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How These Kenyan Inventors Built Panic Button App To Help Save Lives

Edwin Inganji and five of his friends have partnered to develop a mobile panic app which offers distress call function to users in areas where crime rates are high.

Usalama is an app that alerts law enforcement and nearby app users about dangerous situations with a few shakes of the phone.

This invention was put to place in a bid to profer solution to Kenya’s non-functioning 999.

`When you call 999, it doesn’t go through to anyone,’ laments Edwin Inganji. ‘People just accept this – but it is not acceptable.’

The 22-year-old Kenyan survived an assault by armed robbers in Nairobi on his way home from school, in late 2014.

‘Our plan is that if someone doesn’t have the app or a smartphone, if they trigger a distress signal it will be sent as an SMS,’ he says.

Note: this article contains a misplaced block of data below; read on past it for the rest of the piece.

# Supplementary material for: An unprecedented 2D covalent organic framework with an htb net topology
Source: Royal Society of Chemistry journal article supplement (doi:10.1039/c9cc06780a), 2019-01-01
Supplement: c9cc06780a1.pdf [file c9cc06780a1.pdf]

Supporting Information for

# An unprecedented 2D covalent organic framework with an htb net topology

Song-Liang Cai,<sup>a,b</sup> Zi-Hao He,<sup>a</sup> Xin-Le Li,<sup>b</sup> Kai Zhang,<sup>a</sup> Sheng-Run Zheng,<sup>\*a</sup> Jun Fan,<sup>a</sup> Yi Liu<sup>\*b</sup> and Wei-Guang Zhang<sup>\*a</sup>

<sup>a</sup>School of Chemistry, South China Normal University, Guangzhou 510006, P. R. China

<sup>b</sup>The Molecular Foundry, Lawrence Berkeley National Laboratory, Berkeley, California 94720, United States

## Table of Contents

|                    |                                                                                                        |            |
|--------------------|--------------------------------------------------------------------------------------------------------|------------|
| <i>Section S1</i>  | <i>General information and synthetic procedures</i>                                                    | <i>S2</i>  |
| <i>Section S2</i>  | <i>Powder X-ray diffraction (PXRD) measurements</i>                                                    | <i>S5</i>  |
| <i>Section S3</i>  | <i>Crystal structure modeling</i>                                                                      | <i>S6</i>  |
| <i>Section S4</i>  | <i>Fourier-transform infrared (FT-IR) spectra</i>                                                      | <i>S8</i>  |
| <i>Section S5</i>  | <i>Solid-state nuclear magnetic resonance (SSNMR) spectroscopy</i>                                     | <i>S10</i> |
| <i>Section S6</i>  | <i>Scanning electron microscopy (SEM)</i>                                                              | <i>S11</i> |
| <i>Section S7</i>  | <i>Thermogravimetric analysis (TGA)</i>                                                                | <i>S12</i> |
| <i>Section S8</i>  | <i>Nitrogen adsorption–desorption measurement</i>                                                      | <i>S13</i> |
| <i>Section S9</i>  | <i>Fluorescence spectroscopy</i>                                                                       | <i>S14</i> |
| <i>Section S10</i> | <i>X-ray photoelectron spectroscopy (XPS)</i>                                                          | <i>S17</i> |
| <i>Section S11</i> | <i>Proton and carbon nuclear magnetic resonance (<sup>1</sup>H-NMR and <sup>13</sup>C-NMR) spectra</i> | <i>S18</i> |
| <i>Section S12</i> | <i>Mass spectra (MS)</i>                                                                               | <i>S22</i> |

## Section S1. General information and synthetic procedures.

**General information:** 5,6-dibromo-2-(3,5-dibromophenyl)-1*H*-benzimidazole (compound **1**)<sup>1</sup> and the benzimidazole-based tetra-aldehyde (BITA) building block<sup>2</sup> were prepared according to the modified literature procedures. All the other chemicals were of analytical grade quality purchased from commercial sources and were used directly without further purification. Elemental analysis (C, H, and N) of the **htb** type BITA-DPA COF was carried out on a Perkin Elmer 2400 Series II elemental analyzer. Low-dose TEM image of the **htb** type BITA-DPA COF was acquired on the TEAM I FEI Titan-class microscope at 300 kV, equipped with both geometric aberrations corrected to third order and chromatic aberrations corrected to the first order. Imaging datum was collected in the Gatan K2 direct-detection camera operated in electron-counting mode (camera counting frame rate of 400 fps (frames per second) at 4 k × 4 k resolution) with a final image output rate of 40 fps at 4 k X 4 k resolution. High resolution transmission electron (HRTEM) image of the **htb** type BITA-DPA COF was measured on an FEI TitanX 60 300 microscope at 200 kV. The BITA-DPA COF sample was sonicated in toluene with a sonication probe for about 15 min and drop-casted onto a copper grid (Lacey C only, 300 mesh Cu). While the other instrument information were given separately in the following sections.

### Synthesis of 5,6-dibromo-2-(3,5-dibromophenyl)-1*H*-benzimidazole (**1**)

The app has been designed in such a way that when a person feels threatened, they can shake the phone three times to open the app. They can either press the emergency button or hold down the volume button. The phone quickly dispatches the local police and fire departments, and alerts every Usalama user within a 650-foot radius.

The police are expected to be close to the location of the happening or enough app users, who will band together to ward off the attackers.

Inganji and his team are developing a feature that will give users the ability to find one another when they don’t want to walk alone, and they can set a timer that sounds out an alert if they get home when they say they will. The app also offers the ability to call off the alerts by pressing the “Recant” button.

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